The emails pose two distinct legal questions. The first is whether the defendant must disclose the names and associated identifying information of employees who conducted the investigation.*fn5 The second is whether defendant must disclose the names and other identifying information of employees who provided information to the OIG as part of the investigation.

1. The Distinctions Between Different Types of USPS Employees

a. Identifying Information of Investigators and Inspectors

Because the threshold to justify withholding information is lower under Exemption 7(C) than under Exemption 6, the Court will first consider whether Exemption 7(C) justifies the OIG's redactions. The first inquiry is whether the document was "compiled for law enforcement purposes." See 5 U.S.C. § 552(b)(7). "A 'law enforcement purpose' exists where there is a 'rational nexus' between the compiled document and a law enforcement duty of the agency and where there is 'a connection between an individual or incident and a possible security risk or violation of federal law.'" Judicial Watch, Inc. v. U.S. Dep't of Commerce, 337 F. Supp. 2d 146, 179 (D.D.C. 2004) (quoting Ctr. for Nat'l Sec. Studies v. U.S. Dep't of Justice, 331 F.3d 918, 926 (D.C. Cir. 2003)). The emails refer to events pertaining to defendant's investigation of plaintiff's activities involving USPS employees. The OIG considered both criminal and civil fraud charges potentially stemming from plaintiff's activities until August 2007, although no charges were ever brought. See Kirkland Decl. ¶ 2. Hence, the emails fall within FOIA's law enforcement purposes requirement under Exemption 7. See Tax Analysts, 294 F.3d at 77. Indeed, based on the Kirkland and Cuthbertson declarations and the context of the documents, the Court has determined that all of the OIG documents at issues were compiled for a law enforcement purpose.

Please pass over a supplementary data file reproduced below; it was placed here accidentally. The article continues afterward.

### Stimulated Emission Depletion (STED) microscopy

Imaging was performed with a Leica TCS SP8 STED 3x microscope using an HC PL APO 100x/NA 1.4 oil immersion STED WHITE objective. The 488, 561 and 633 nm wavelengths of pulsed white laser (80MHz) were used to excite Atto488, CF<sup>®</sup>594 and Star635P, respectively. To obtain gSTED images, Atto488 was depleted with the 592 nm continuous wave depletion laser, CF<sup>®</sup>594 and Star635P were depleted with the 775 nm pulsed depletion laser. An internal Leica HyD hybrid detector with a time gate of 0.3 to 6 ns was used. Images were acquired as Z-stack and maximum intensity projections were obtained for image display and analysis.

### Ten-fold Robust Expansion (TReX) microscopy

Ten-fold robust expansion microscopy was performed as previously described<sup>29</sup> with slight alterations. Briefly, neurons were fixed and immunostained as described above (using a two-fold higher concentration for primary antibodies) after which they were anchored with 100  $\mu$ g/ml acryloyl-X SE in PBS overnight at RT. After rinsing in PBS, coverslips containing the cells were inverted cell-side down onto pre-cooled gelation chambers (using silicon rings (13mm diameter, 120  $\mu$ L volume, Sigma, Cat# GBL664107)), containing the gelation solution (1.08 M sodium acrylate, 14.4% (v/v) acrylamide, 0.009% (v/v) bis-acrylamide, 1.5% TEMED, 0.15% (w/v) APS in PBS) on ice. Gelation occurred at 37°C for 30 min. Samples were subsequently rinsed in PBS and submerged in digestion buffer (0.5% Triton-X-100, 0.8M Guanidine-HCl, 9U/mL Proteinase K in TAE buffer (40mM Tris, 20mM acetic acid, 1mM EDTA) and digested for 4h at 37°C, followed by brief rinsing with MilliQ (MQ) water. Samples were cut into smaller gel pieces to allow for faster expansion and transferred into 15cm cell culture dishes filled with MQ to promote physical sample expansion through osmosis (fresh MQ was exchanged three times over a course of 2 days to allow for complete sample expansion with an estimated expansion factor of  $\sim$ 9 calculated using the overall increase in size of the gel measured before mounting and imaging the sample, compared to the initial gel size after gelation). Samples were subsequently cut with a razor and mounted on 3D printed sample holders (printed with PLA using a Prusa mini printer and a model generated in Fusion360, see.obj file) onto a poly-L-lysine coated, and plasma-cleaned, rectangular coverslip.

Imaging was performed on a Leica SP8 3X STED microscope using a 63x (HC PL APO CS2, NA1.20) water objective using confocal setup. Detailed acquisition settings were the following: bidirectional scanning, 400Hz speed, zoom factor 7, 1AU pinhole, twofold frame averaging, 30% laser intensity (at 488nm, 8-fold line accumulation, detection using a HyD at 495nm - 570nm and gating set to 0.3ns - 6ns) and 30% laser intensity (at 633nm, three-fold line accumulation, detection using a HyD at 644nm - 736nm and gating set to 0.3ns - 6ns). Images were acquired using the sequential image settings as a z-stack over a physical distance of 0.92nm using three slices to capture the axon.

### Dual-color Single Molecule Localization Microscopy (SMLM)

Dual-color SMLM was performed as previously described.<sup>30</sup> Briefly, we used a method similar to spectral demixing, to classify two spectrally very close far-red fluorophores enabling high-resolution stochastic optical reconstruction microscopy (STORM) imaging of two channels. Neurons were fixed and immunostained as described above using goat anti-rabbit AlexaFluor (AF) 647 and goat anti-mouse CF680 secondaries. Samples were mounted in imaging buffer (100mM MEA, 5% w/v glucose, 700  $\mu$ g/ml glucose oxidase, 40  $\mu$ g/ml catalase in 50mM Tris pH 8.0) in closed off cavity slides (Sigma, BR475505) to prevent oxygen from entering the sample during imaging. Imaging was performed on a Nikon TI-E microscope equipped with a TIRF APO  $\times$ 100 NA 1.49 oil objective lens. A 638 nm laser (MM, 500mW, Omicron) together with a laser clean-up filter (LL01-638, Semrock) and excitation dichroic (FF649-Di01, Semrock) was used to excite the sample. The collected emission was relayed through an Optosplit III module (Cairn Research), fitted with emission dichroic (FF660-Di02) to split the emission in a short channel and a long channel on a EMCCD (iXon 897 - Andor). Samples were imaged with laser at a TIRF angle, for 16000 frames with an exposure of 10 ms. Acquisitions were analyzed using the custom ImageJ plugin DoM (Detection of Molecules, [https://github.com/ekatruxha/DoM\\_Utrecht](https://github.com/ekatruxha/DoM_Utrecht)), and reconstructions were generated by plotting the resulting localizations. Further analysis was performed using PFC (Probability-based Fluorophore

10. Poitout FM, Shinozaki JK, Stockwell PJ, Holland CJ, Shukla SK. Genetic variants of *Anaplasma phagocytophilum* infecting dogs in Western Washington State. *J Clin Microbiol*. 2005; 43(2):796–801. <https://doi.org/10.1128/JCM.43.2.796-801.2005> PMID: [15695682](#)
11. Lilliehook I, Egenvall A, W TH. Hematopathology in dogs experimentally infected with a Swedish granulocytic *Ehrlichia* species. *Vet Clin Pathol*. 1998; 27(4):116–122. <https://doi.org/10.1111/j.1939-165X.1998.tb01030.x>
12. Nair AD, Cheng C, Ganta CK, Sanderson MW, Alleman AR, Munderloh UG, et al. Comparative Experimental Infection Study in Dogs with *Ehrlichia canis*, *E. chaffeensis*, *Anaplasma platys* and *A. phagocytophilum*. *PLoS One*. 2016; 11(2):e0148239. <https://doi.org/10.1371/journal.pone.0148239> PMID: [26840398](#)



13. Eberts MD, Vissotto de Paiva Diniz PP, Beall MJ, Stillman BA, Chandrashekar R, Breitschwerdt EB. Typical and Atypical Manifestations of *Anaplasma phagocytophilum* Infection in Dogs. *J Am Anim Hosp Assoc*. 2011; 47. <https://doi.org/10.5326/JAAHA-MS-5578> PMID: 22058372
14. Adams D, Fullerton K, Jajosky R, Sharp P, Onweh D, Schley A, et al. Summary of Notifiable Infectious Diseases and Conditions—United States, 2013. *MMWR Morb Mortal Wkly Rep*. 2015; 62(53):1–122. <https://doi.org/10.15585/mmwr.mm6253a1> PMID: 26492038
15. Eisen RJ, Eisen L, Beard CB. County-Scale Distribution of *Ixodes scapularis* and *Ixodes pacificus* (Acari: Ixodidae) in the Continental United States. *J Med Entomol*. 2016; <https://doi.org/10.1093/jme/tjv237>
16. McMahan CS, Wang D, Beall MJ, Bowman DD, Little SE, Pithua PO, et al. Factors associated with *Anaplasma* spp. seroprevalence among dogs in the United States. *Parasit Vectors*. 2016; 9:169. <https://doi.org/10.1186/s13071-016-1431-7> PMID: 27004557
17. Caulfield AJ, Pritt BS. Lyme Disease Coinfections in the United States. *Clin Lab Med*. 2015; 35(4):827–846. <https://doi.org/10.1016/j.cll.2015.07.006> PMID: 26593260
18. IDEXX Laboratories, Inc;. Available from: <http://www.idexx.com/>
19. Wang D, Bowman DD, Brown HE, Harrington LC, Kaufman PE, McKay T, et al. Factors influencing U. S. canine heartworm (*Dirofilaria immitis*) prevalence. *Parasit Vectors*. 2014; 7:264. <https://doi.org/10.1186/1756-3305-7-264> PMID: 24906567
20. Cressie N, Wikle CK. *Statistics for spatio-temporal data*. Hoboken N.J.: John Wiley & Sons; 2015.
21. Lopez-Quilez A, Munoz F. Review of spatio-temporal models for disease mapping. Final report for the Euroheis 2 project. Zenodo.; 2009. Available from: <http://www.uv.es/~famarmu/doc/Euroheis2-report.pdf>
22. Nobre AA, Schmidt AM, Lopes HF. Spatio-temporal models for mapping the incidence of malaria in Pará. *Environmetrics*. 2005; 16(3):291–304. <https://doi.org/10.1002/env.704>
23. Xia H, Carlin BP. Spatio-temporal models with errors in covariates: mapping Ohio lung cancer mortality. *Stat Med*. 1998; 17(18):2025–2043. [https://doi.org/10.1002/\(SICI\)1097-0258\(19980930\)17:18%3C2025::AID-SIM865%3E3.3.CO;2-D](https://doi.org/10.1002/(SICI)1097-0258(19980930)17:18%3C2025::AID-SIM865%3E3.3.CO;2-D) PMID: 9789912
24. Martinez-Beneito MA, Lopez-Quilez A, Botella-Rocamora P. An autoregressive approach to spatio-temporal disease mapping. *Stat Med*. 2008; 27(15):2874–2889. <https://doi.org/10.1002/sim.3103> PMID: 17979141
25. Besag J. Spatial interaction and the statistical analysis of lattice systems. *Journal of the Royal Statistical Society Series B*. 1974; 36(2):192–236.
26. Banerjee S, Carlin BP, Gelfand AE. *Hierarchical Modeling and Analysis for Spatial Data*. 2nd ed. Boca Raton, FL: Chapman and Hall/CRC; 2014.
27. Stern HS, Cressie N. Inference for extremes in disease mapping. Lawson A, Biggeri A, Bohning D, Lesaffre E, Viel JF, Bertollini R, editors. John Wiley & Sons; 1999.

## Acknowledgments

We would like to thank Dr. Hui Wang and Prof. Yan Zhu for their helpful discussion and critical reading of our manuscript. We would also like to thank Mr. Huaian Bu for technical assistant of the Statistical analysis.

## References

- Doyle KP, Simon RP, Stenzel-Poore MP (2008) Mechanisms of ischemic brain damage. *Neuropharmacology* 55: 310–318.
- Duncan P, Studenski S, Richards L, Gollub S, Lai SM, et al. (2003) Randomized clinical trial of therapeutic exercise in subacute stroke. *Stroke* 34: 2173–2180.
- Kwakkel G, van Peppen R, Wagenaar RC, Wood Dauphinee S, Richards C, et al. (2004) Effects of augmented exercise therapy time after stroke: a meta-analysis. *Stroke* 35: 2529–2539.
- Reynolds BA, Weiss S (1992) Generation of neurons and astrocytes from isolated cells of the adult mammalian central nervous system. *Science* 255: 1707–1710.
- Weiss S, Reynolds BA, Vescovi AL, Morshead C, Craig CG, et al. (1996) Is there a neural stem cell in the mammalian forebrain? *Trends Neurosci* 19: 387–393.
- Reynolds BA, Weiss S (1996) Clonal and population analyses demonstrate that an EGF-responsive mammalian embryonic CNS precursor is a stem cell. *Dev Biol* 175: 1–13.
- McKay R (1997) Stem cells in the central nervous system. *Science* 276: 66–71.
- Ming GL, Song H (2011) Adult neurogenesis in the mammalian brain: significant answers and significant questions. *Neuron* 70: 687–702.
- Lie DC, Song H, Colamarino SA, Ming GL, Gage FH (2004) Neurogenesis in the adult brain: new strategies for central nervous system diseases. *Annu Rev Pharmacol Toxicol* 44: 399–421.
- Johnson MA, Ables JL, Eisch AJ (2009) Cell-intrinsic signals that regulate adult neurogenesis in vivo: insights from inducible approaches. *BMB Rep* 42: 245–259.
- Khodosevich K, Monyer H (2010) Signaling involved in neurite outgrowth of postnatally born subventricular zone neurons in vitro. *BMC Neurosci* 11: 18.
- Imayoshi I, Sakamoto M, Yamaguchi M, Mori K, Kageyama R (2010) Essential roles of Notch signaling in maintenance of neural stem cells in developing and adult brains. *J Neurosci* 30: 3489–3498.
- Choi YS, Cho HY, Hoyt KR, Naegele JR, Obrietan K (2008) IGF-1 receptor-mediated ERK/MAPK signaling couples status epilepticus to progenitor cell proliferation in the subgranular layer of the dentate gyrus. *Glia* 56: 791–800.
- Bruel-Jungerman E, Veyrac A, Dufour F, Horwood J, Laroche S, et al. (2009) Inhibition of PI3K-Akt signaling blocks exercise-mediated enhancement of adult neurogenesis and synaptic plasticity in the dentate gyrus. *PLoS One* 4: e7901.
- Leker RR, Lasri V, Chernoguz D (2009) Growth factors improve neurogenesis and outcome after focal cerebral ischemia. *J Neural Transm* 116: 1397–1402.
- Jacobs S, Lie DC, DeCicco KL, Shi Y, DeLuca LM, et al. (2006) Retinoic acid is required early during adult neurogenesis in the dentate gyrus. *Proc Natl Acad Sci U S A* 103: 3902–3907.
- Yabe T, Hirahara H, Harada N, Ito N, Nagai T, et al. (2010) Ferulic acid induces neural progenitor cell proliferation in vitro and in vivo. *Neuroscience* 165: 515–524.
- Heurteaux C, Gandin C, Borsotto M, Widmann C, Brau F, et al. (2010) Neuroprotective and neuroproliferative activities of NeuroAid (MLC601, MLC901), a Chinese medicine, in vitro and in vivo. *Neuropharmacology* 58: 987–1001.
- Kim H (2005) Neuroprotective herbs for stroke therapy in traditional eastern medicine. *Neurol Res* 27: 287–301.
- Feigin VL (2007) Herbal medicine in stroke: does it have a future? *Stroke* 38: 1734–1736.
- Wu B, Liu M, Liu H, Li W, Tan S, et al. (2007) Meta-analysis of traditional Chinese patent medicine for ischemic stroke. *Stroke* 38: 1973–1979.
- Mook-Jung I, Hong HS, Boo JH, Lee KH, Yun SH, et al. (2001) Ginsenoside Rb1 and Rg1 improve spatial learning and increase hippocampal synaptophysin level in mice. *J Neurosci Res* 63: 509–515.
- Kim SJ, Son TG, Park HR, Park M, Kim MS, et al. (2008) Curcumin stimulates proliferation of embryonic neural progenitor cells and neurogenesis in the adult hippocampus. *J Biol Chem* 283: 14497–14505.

Neither of the Cuthbertson declarations, however, establish that the investigators and inspectors have a privacy interest that would bring their identifying information within Exemption 7(C). "[A]n agency must at least explain the ground for concluding that there is some factual basis for concerns about 'harassment, intimidation, or physical harm.'" See UAF, 531 F. Supp. 2d at 47 (citing Judicial Watch v. FDA, 449 F.3d at 153). But the OIG declarations set forth no factual basis to support any concerns of harassment, intimidation, or physical harm. In the first Cuthbertson declaration, the entirety of the explanation of the privacy interest is as follows:

Name of Inspector General Special Agents and Inspection Service Inspectors. These names of low-ranking agents are redacted under Exemption 7(C). Absent a demonstration of significant misconduct on the part of law enforcement personnel, they retain a substantial privacy interest.

Cuthbertson Decl. ¶3(f). Cuthbertson's supplemental declaration contains no factual proffer that might bolster this conclusory statement. She adds only that she applied a balancing test that assessed the public interest, and then makes another conclusory statement that redactions were necessary to protect the employees involved in the investigation from harassment. Cuthbertson Supp. Decl. ¶¶ 4-5 ("I redacted information that would identify Postal employees who were involved in the investigation to protect them from unwarranted questions and harassment."). These statements are far too conclusory to support a finding that these employees have a privacy interest.*fn6 See Stonehill, 534 F. Supp. 2d at 12 (holding that a "bare conclusory assessment" that disclosing a name would violate that person's privacy is insufficient).